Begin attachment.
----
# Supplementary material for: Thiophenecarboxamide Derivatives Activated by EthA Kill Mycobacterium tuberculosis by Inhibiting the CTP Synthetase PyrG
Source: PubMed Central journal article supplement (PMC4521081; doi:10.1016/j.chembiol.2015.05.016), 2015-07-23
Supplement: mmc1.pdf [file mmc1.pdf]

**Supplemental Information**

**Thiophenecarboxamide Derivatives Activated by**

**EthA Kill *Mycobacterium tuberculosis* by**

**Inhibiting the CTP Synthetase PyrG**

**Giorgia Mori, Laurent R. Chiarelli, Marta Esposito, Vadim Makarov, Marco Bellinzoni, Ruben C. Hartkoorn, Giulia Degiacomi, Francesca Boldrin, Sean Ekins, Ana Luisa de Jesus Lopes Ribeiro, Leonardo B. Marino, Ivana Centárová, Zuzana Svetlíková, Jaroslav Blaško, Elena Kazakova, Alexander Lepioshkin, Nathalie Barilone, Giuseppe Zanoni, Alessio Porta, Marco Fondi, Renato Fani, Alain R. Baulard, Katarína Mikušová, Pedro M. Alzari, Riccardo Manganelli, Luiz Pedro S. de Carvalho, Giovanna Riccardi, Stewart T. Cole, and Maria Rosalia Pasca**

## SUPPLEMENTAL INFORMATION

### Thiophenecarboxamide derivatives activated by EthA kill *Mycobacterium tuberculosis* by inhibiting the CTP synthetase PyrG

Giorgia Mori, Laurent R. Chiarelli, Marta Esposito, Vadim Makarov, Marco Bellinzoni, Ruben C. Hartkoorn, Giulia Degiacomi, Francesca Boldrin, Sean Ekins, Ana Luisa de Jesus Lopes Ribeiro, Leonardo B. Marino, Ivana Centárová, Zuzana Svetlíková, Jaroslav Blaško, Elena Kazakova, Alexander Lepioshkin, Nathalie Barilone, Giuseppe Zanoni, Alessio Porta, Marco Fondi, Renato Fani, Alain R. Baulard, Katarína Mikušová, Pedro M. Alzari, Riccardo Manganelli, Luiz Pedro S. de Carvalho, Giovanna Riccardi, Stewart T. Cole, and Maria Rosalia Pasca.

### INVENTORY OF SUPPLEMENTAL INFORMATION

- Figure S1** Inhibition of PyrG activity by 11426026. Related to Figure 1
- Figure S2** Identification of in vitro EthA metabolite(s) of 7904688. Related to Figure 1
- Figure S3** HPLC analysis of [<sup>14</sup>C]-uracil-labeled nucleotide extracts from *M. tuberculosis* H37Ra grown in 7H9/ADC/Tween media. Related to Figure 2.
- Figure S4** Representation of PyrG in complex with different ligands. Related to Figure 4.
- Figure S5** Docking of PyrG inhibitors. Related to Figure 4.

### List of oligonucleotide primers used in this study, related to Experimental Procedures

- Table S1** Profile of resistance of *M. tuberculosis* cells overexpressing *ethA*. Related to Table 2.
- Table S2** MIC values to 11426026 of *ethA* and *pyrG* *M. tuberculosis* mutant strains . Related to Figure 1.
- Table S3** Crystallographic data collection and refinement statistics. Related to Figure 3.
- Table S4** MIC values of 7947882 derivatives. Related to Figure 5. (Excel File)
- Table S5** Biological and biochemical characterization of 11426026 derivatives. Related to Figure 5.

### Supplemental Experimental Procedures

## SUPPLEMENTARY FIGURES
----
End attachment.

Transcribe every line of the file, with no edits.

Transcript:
# Supplementary material for: Thiophenecarboxamide Derivatives Activated by EthA Kill Mycobacterium tuberculosis by Inhibiting the CTP Synthetase PyrG
Source: PubMed Central journal article supplement (PMC4521081; doi:10.1016/j.chembiol.2015.05.016), 2015-07-23
Supplement: mmc1.pdf [file mmc1.pdf]

**Supplemental Information**

**Thiophenecarboxamide Derivatives Activated by**

**EthA Kill *Mycobacterium tuberculosis* by**

**Inhibiting the CTP Synthetase PyrG**

**Giorgia Mori, Laurent R. Chiarelli, Marta Esposito, Vadim Makarov, Marco Bellinzoni, Ruben C. Hartkoorn, Giulia Degiacomi, Francesca Boldrin, Sean Ekins, Ana Luisa de Jesus Lopes Ribeiro, Leonardo B. Marino, Ivana Centárová, Zuzana Svetlíková, Jaroslav Blaško, Elena Kazakova, Alexander Lepioshkin, Nathalie Barilone, Giuseppe Zanoni, Alessio Porta, Marco Fondi, Renato Fani, Alain R. Baulard, Katarína Mikušová, Pedro M. Alzari, Riccardo Manganelli, Luiz Pedro S. de Carvalho, Giovanna Riccardi, Stewart T. Cole, and Maria Rosalia Pasca**

## SUPPLEMENTAL INFORMATION

### Thiophenecarboxamide derivatives activated by EthA kill *Mycobacterium tuberculosis* by inhibiting the CTP synthetase PyrG

Giorgia Mori, Laurent R. Chiarelli, Marta Esposito, Vadim Makarov, Marco Bellinzoni, Ruben C. Hartkoorn, Giulia Degiacomi, Francesca Boldrin, Sean Ekins, Ana Luisa de Jesus Lopes Ribeiro, Leonardo B. Marino, Ivana Centárová, Zuzana Svetlíková, Jaroslav Blaško, Elena Kazakova, Alexander Lepioshkin, Nathalie Barilone, Giuseppe Zanoni, Alessio Porta, Marco Fondi, Renato Fani, Alain R. Baulard, Katarína Mikušová, Pedro M. Alzari, Riccardo Manganelli, Luiz Pedro S. de Carvalho, Giovanna Riccardi, Stewart T. Cole, and Maria Rosalia Pasca.

### INVENTORY OF SUPPLEMENTAL INFORMATION

- Figure S1** Inhibition of PyrG activity by 11426026. Related to Figure 1
- Figure S2** Identification of in vitro EthA metabolite(s) of 7904688. Related to Figure 1
- Figure S3** HPLC analysis of [<sup>14</sup>C]-uracil-labeled nucleotide extracts from *M. tuberculosis* H37Ra grown in 7H9/ADC/Tween media. Related to Figure 2.
- Figure S4** Representation of PyrG in complex with different ligands. Related to Figure 4.
- Figure S5** Docking of PyrG inhibitors. Related to Figure 4.

### List of oligonucleotide primers used in this study, related to Experimental Procedures

- Table S1** Profile of resistance of *M. tuberculosis* cells overexpressing *ethA*. Related to Table 2.
- Table S2** MIC values to 11426026 of *ethA* and *pyrG* *M. tuberculosis* mutant strains . Related to Figure 1.
- Table S3** Crystallographic data collection and refinement statistics. Related to Figure 3.
- Table S4** MIC values of 7947882 derivatives. Related to Figure 5. (Excel File)
- Table S5** Biological and biochemical characterization of 11426026 derivatives. Related to Figure 5.

### Supplemental Experimental Procedures

## SUPPLEMENTARY FIGURES